Separating Thinking & Doing Time: Learnings from David Marquet’s “Blue & Red Work”

Separating Thinking Doing Time Blue Red Work

David Marquet’s “Blue & Red Work”

David Marquet is the former US submarine commander that you may have read his book “Turn the Ship Around!” and his famous video on “intent-based leadership,” which is his take on how to transform a passive team of instruction followers into critical thinkers and autonomous decision makers.

In his second book “Leadership is Language“, Marquet introduces an easy to remember “blue and red work” concept to highlight the importance of separating thinking time and doing time in both individual work and teamwork.

Red Work: Doing Time

We continue to be haunted by the ghosts of Taylorism (“Scientific Management,” 1911), and the decades of promoting the human side of the enterprise, learning organizations and reflective leadership show how pervasive the factory model of business is in the workplace still.

Red work is doing, executing, producing so there’s no work that doesn’t involve red work. The problem is the stigma associated with red work.

Marquet rightly characterizes that one key of aspect of red work is the avoidance of “variability,” i.e. the seeking of consistant output and quality. While there is value in reduction of variability itself as that’s the whole idea behind Lean Six Sigma, it becomes a problem when it translates into instructive leadership and “just tell me what to do” followership. Over-emphasis of red work stymies creativity from risk taking; red work dominated workers fear errors as a display of incompetence, and often become slaves to procedures (in psychology we call this phenomenon “learned helplessness”).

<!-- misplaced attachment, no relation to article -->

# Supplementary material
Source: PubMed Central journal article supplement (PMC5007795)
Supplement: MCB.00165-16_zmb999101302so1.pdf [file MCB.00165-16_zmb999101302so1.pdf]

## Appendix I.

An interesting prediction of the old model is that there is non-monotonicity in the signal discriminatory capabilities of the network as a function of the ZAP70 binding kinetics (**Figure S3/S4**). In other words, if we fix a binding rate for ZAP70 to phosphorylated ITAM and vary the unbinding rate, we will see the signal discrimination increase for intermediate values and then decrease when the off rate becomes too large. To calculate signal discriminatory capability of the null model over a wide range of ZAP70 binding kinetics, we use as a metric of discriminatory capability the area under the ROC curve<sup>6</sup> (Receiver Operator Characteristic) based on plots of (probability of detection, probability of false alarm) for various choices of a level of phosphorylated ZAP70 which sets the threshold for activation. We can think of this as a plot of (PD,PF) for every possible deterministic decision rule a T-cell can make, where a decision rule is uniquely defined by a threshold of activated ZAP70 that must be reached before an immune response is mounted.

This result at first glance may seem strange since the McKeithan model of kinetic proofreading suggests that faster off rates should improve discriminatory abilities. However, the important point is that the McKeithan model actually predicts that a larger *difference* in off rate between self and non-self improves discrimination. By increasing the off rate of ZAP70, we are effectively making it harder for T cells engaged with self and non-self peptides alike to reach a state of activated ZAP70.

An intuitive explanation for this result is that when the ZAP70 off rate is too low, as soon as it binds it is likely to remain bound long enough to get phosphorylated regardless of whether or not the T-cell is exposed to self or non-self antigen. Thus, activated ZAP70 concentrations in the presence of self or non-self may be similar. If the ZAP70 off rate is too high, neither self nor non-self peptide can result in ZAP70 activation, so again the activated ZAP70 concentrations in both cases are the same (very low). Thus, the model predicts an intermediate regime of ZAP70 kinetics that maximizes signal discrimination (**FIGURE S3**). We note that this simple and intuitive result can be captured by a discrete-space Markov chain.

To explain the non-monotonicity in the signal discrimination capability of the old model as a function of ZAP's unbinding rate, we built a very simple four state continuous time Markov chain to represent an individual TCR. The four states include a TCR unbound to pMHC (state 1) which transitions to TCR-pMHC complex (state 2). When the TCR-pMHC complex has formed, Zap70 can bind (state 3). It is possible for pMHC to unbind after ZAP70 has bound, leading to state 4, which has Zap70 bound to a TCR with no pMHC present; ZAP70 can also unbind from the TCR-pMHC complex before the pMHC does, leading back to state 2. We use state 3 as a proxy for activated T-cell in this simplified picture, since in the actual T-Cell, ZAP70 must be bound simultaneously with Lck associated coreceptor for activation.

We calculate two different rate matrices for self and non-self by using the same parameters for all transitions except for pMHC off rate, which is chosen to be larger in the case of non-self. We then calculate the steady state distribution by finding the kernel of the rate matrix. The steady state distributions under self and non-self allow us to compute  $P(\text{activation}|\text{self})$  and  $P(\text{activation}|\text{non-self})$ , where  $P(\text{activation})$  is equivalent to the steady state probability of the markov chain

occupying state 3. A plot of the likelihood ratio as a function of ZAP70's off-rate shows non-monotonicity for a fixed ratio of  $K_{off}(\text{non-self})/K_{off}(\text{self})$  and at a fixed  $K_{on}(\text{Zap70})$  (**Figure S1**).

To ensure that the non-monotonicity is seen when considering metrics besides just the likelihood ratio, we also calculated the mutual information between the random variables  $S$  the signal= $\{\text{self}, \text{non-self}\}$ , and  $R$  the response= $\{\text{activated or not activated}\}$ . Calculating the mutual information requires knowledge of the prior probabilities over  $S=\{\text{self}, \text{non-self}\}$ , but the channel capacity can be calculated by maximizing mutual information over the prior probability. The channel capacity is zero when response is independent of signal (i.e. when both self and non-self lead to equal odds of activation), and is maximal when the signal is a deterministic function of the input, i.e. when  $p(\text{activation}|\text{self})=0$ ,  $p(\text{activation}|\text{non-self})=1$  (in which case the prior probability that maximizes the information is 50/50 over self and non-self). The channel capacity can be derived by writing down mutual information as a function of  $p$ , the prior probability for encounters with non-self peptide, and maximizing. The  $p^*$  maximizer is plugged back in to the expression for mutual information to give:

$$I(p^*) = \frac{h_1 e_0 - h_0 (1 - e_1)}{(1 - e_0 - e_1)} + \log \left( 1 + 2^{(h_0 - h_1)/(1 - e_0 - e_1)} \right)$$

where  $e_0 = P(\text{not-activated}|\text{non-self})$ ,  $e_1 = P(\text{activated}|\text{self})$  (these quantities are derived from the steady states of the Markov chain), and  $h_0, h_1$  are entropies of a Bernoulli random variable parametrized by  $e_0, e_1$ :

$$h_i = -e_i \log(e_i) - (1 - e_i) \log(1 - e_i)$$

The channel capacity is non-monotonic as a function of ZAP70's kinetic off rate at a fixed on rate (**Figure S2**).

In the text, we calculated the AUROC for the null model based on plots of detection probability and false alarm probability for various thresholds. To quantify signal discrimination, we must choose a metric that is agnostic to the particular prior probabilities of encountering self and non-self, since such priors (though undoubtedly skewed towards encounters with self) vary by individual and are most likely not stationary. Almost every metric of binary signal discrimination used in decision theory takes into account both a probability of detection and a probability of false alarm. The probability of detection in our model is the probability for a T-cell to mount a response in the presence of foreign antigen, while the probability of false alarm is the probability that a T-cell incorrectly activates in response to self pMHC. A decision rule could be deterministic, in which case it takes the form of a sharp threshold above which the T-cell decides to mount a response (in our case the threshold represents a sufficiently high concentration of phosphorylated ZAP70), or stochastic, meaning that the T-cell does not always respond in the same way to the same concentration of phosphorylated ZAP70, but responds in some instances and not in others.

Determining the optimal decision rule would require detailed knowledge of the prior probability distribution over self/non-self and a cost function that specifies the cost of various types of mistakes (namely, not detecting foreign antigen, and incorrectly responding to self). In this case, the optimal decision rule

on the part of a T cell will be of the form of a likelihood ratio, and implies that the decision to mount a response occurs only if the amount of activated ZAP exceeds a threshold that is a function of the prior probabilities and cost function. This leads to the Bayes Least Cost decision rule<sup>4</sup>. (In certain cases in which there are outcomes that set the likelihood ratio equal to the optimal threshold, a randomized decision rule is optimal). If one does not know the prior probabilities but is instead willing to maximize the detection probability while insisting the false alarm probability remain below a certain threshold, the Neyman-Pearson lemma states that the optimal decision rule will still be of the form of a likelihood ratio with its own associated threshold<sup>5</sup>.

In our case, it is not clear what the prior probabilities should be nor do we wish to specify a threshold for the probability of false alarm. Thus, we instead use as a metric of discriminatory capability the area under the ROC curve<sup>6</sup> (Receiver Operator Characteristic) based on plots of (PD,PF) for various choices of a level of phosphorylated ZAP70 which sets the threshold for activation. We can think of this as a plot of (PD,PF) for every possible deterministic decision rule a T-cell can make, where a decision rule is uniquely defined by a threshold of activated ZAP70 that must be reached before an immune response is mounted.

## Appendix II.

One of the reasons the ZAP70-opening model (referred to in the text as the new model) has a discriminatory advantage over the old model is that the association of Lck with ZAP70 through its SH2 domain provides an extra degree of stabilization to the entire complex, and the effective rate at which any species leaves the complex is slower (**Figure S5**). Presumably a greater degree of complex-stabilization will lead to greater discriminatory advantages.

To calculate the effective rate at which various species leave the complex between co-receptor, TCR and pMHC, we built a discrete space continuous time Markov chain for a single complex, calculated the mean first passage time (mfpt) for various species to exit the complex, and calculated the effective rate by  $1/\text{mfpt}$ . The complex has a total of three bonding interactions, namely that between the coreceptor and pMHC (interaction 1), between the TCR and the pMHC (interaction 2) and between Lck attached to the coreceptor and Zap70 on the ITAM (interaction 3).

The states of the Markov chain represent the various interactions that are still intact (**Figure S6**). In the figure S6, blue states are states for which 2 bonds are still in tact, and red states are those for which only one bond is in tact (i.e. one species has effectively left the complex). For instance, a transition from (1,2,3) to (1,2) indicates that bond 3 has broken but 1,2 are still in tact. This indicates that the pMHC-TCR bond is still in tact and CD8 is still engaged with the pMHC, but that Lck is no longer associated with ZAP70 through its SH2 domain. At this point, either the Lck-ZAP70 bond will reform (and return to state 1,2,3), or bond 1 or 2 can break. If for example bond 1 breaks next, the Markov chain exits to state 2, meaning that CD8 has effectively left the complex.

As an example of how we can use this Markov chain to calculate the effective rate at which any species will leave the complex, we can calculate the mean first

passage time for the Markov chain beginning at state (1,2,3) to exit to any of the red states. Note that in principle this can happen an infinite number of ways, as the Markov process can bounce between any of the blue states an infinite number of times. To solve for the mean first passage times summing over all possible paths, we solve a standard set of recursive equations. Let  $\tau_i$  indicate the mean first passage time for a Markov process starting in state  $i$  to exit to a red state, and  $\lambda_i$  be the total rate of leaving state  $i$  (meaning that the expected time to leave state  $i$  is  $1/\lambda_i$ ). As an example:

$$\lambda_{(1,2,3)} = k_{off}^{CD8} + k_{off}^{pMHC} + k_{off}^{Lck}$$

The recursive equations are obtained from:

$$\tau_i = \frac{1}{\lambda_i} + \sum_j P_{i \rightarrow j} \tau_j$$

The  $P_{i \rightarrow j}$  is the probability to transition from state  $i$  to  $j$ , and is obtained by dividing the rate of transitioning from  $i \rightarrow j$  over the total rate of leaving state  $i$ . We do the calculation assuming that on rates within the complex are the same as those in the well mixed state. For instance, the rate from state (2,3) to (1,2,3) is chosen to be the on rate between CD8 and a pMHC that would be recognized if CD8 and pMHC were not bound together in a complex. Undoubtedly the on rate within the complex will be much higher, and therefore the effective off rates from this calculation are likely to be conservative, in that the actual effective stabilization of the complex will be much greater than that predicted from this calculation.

Blue Work: Thinking Time

Blue work is time for thinking, exploring, learning, improving.

If red work is about reducing variability, blue work is embracing variability. As in the divergent thinking in Design Thinking, it’s time for being creative and risk taking.

Blue work is also time for decision making and planning. And Marquet’s book makes a particular emphasis that the class separation of leaders and managers as decision makers and planners, and the rest of the workforce as just doers, is a relic of Taylorism. In today’s complex world, the person who is closest to a particular aspect of the customer, product (service) etc. most likely will have the best information to make a decision. So we lead each other and follow each other’s decision making.